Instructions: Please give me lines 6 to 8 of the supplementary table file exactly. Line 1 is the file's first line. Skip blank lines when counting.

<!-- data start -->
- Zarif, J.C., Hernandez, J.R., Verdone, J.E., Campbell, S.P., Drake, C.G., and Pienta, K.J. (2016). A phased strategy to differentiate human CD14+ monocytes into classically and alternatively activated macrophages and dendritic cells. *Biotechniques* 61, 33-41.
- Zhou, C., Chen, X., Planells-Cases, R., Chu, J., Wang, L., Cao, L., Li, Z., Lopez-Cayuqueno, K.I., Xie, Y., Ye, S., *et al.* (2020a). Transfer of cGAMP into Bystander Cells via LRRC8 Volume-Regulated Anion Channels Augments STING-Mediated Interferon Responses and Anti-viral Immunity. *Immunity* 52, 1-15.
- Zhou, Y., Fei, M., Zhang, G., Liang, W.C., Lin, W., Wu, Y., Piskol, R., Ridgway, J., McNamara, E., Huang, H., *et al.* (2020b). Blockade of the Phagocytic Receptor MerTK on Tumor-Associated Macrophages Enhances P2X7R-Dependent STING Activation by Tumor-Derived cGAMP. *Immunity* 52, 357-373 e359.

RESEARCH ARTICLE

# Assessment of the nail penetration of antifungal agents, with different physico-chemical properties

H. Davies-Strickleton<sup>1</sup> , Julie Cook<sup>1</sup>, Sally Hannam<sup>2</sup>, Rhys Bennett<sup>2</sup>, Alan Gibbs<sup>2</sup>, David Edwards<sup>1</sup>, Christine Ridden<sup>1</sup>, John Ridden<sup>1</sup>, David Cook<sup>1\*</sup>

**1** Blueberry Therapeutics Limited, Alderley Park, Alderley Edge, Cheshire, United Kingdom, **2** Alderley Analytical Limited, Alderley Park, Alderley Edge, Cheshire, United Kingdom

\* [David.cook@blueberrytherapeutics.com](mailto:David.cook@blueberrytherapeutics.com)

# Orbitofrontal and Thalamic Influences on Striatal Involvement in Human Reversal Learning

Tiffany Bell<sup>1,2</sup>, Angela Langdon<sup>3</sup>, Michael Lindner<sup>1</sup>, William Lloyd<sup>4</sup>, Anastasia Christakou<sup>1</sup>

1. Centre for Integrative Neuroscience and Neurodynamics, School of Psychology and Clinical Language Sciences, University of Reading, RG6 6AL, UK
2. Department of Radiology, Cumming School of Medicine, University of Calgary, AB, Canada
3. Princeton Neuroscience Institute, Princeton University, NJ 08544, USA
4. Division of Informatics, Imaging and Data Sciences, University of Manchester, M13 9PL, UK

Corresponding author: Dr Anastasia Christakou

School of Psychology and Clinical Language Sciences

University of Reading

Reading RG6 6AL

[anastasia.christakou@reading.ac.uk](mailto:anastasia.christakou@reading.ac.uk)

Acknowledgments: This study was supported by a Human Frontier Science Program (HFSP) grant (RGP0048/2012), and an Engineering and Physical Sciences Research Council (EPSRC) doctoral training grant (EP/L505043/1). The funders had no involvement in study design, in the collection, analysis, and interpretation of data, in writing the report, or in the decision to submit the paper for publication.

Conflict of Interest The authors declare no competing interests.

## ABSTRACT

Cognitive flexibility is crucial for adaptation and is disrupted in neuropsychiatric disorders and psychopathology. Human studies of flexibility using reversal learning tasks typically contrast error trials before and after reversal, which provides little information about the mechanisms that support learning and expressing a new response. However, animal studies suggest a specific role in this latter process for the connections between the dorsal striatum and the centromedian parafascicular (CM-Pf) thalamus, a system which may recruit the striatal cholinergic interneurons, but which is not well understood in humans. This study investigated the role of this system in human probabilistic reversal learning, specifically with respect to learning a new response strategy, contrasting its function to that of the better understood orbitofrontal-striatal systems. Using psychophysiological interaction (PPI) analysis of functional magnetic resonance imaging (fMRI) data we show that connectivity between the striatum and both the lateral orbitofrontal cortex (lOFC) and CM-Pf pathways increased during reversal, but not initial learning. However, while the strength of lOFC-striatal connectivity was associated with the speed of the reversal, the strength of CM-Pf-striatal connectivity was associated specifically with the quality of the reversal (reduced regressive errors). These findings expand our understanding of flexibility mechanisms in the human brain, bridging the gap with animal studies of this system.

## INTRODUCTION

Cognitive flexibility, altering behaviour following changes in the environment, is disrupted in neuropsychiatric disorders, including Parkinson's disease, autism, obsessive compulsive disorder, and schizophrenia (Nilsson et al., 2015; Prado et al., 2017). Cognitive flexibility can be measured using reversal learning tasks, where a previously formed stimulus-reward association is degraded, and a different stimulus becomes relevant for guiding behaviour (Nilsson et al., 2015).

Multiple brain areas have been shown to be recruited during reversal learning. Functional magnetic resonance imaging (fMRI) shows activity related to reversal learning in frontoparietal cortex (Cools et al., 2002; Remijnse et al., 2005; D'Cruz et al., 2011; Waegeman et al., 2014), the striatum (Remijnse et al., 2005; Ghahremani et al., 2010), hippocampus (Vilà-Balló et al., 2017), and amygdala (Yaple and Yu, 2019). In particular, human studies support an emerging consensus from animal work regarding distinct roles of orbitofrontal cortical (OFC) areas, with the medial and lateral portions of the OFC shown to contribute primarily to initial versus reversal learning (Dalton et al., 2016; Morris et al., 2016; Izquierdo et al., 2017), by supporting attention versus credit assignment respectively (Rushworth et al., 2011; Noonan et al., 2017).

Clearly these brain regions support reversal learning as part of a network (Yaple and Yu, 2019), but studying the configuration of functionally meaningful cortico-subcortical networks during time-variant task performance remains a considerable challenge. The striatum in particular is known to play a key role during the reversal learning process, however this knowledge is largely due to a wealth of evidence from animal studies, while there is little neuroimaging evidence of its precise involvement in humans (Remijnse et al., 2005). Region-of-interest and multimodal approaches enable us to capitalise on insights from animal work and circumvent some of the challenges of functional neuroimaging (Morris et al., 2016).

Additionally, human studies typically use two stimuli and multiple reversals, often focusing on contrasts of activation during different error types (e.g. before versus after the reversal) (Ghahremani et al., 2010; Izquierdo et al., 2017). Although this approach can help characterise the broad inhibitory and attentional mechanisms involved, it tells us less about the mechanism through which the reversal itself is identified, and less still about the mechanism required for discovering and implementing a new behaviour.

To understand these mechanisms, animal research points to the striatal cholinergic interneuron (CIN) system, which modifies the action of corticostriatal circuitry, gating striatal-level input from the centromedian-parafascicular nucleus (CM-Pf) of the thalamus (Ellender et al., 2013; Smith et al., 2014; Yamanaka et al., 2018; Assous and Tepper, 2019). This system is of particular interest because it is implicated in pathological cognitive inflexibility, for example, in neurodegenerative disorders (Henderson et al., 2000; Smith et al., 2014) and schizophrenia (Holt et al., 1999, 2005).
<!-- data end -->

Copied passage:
H. Davies-Strickleton<sup>1</sup> , Julie Cook<sup>1</sup>, Sally Hannam<sup>2</sup>, Rhys Bennett<sup>2</sup>, Alan Gibbs<sup>2</sup>, David Edwards<sup>1</sup>, Christine Ridden<sup>1</sup>, John Ridden<sup>1</sup>, David Cook<sup>1\*</sup>

**1** Blueberry Therapeutics Limited, Alderley Park, Alderley Edge, Cheshire, United Kingdom, **2** Alderley Analytical Limited, Alderley Park, Alderley Edge, Cheshire, United Kingdom

\* [David.cook@blueberrytherapeutics.com](mailto:David.cook@blueberrytherapeutics.com)